While there are a number of Heaps-like scaling relationships in the vocabulary of genomes that appear universal, some reflecting the scaling of number of genes in different functional categories as a function of genome size (Molina and van Nimwegen, 2009), the link between dynamic and static properties of the models must always be confirmed with phylogenetic methods. We recently built global dynamic models for the evolution of structural domains that used birth-death differential equations with global abundances of domains as state variables without the need to capture the distribution of domains in proteomes (Tal et al., 2016). We fitted the models to data from ToDs assuming that only transitions present in the trees were possible between fold structures and that branches emerged directly from a trunk. We found that parameters of growth of domains within FSFs (FSF reuse) and diversification of FSFs (FSF use) showed emergent biphasic patterns with opposing trends, i.e., increases in FSF innovation were always counterbalanced by decreases in growth of FSF abundance, and vice versa, with the growth of the many more recent FSFs offsetting the growth of the older FSFs (Tal et al., 2016). Since the model is global and independent of the existence of proteomes, simulations suggest a frustrated and complex interplay of growth and diversification of domain structures in the protein world that emerges from organismal diversification but is not a consequence of proteome size. This complements the findings of proteome size mappings of evoPCO plots (Figure 9) and the links of a Heaps law with history that we have formalized.
Phylogenetic Tracings Support the Cellular Origins of Viral Lineages
Our phylogenomic tracings support the primordial cellular origin of viruses and the gradual rise of molecular diversity in proteome evolution (Nasir and Caetano-Anollés, 2015). The first of the four regimes of the Heaps law (the kernel regime) corresponds to the viral group (Table 3) and phylogenetic tracings confirm that scaling is historical (Figures 4, 9). Comparative genomics provides additional evidence: the remarkably large number of universal FSFs that are widespread in cellular and viral proteomes (22% of total FSFs) and harbor ancient proteins associated with cell membranes supports the ancient domain kernel. Similarly, the existence of Vabe FSFs (n = 68) in archaeoviruses, bacterioviruses, and eukaryoviruses also indicates that viral lineages existed prior to cellular diversification. This pushes viral origins back to ancient cells harboring segmented RNA genomes (since viruses with these features were basal in our ToL, Nasir and Caetano-Anollés, 2015) from which modern viral lineages originated either via “escape” or “reduction” (Hendrix et al., 2000; Forterre, 2006; Holmes, 2011a; Forterre and Krupovic, 2012), albeit the reduction scenario was relatively better supported by our data and also by the discovery of giant viruses that overlap cellular endosymbionts and parasitic species in genome and particle sizes (La Scola et al., 2003; Philippe et al., 2013; Legendre et al., 2014, 2015) evolving in a similar way (Claverie and Abergel, 2013).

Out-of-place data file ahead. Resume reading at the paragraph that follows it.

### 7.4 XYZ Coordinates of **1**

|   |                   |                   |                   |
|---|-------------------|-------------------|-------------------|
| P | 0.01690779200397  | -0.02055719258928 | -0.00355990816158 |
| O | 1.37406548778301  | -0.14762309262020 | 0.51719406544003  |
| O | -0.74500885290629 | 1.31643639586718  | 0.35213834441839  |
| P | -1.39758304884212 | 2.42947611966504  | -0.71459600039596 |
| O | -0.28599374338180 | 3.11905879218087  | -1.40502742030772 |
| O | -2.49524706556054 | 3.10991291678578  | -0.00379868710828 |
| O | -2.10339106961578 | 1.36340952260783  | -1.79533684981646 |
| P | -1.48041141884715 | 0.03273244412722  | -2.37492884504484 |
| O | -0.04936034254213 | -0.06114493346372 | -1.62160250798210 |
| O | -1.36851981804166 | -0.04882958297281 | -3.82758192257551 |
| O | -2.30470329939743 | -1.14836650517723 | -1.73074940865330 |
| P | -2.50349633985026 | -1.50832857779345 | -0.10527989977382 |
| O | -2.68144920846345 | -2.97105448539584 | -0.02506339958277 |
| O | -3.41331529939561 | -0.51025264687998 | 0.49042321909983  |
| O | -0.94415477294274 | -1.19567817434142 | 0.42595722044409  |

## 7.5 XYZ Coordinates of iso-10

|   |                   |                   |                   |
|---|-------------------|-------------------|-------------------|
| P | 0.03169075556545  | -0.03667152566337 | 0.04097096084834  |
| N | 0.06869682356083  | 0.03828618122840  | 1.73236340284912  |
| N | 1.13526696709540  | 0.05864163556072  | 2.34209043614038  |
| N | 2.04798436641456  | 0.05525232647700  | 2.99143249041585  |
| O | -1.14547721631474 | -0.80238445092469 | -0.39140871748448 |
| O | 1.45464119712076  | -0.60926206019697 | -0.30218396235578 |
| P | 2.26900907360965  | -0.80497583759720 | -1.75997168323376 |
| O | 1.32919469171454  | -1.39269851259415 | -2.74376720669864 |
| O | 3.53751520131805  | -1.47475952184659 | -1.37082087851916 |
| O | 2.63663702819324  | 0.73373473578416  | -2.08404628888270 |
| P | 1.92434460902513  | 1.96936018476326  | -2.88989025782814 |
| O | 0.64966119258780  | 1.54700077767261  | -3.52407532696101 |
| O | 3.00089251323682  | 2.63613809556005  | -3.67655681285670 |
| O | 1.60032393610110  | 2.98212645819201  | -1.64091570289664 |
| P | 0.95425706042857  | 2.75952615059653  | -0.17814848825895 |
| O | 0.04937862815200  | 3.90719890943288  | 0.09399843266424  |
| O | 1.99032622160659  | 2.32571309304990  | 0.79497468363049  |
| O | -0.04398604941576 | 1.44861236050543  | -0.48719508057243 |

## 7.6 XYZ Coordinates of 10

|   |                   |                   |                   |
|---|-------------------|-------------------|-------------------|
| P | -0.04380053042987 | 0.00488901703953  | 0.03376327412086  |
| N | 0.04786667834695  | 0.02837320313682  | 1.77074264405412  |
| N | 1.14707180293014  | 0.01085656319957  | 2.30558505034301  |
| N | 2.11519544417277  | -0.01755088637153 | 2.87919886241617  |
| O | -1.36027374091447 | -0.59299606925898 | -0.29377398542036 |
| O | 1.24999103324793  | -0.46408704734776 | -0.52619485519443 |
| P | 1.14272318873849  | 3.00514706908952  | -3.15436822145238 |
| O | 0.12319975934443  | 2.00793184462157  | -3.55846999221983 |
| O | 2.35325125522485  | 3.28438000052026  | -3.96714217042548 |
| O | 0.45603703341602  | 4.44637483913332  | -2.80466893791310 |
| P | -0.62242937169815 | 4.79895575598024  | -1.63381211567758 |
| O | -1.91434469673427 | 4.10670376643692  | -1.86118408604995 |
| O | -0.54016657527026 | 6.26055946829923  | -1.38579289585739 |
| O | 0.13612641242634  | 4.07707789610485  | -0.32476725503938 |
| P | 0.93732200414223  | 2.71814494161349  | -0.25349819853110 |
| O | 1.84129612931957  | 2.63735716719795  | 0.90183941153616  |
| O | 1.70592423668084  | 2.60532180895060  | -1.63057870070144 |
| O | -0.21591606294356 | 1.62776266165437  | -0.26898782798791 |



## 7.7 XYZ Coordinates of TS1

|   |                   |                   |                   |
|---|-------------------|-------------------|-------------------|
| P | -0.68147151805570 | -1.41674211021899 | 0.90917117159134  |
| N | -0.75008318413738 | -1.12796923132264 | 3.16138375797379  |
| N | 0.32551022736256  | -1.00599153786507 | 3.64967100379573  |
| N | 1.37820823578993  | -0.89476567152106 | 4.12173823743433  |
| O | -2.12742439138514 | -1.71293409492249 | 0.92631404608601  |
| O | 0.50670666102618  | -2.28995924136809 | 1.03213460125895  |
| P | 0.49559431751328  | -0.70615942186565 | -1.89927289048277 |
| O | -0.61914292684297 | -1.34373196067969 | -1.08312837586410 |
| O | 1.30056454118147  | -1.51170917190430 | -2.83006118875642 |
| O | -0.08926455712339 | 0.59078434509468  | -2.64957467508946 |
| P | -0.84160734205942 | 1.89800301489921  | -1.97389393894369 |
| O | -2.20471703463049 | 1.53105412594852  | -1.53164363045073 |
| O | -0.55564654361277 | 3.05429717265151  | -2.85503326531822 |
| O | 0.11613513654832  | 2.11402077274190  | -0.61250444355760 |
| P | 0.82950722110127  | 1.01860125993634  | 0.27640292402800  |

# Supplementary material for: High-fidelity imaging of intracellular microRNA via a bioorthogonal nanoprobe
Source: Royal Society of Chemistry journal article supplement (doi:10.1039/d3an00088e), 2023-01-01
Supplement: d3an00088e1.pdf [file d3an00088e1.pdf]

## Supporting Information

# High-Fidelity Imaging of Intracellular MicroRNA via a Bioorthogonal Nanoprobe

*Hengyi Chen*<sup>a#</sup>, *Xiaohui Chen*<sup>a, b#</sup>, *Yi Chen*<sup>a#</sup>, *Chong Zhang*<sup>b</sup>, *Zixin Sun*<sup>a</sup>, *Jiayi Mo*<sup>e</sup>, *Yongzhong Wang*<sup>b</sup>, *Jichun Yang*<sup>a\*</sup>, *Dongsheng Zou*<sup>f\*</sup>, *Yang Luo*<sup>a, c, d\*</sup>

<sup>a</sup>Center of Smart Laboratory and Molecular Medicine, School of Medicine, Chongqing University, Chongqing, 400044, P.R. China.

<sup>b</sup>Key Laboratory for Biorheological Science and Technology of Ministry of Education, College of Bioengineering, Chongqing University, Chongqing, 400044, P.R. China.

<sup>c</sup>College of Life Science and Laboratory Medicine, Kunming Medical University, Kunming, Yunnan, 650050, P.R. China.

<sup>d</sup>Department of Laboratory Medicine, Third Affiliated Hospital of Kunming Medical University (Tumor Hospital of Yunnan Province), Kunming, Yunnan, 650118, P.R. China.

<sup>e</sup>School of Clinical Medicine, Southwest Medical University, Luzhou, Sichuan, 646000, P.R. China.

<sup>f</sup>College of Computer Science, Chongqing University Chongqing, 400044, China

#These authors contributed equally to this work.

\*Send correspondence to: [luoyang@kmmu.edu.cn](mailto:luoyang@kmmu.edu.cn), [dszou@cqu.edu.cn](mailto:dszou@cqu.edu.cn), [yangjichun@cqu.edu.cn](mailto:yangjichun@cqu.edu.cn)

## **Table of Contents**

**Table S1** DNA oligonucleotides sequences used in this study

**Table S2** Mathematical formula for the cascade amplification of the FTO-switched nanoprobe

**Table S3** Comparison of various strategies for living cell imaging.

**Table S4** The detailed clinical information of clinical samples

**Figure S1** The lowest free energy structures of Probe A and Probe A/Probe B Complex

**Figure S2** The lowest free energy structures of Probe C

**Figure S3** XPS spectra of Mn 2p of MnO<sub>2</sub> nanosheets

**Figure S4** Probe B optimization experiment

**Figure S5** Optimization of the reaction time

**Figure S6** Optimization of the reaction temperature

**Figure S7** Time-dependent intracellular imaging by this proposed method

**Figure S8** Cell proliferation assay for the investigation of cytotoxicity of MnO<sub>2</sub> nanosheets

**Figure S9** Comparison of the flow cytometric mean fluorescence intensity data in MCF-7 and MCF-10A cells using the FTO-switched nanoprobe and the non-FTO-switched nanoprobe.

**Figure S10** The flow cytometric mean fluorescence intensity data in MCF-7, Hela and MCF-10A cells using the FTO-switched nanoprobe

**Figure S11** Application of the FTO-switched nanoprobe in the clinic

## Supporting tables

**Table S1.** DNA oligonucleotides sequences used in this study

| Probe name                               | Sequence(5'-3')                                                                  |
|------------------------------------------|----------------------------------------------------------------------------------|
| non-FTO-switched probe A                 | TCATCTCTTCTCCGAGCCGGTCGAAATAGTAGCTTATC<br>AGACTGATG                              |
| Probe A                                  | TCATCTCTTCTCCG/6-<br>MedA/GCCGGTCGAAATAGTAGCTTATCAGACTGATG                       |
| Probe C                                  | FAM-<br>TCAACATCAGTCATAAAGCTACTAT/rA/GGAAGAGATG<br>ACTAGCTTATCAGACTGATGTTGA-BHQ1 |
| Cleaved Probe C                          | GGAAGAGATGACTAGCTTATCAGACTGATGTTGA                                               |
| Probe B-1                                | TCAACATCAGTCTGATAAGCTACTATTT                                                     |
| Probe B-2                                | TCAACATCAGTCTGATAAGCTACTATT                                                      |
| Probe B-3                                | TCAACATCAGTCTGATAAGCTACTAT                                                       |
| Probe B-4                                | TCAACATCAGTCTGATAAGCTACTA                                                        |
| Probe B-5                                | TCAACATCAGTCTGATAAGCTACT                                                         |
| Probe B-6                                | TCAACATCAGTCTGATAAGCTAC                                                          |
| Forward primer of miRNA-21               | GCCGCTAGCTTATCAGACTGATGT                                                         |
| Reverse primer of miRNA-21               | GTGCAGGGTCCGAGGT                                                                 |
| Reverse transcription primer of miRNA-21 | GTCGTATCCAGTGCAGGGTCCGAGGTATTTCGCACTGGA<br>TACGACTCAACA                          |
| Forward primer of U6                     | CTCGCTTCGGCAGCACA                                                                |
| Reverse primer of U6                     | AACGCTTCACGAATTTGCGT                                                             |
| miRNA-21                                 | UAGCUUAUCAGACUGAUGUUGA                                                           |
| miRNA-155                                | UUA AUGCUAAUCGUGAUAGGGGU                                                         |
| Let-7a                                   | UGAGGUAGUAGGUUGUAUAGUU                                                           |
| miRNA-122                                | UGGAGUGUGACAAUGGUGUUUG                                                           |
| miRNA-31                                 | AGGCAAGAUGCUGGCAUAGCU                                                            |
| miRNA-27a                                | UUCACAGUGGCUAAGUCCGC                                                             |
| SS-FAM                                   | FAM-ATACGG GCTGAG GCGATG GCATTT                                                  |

Historically, however, the origin of viral lineages prior to the ancestors of Archaea, Bacteria, and Eukarya has been taken with skepticism as viruses by definition must reproduce inside their cellular hosts and are tightly associated with proteins (i.e., capsids) thus requiring ribosome-encoding cells for reproduction. However, virus-early scenarios do not mean “virus-first” in evolution (as interpreted by Harish et al., 2016), but only prior to the last universal common ancestor of modern cells (Forterre, 2005). This ancestor itself had many cellular ancestors that should better be referred to as “ancient” or “primordial” cells. Indeed, fossil records have indicated existence of primordial cells early in evolution (Javaux et al., 2010; Wacey et al., 2011). In other words, a distinction between ancient and modern cells is necessary for broader understanding of virus-early scenarios and to overcome roadblocks preventing acceptance of viruses as major players in the evolutionary biology of cells. To quote Forterre (2016), “The confusion between ‘cells’ and ‘modern cells’ (the descendants of the last universal common ancestor) is another major drawback in discussions about the origin of viruses” (Forterre, 2016). Thus, our conjecture simply triggers atypical thinking about viral origins and evolution, which may be timely given how the discovery of giant viruses has broken multiple epistemological barriers (Claverie and Abergel, 2016).
Finally, viruses have been routinely considered as “pickpockets” of cellular genomes (Moreira and Lopez-Garcia, 2009). This claim however greatly underestimates virus-cell interactions and has been challenged by several independent analyses confirming the existence of an abundance of virus-specific genes in viral lineages (Daubin et al., 2003; Cortez et al., 2009) and from endogenous integrated viral-like elements in cellular genomes (Katzourakis and Gifford, 2010; Cornelis et al., 2012) suggesting that gene flow from viruses-to-cells likely exceeds gene transfer from cells-to-viruses (reviewed by Forterre, 2016, see also Claverie and Abergel, 2016). In brief, our evolutionary model is biphasic in nature and reconstructs an early “cell-like” phase in viral evolution distinguished from modern viral lineages. Interestingly, the cell-like phase in viral evolution can be restored today when viruses take over cellular machinery and produce viral factories that resemble cell-like organelles (Claverie, 2006) or when they endogenize cellular genomes either in the form of integrated elements or plasmids (Weiss, 2006; Holmes, 2011b).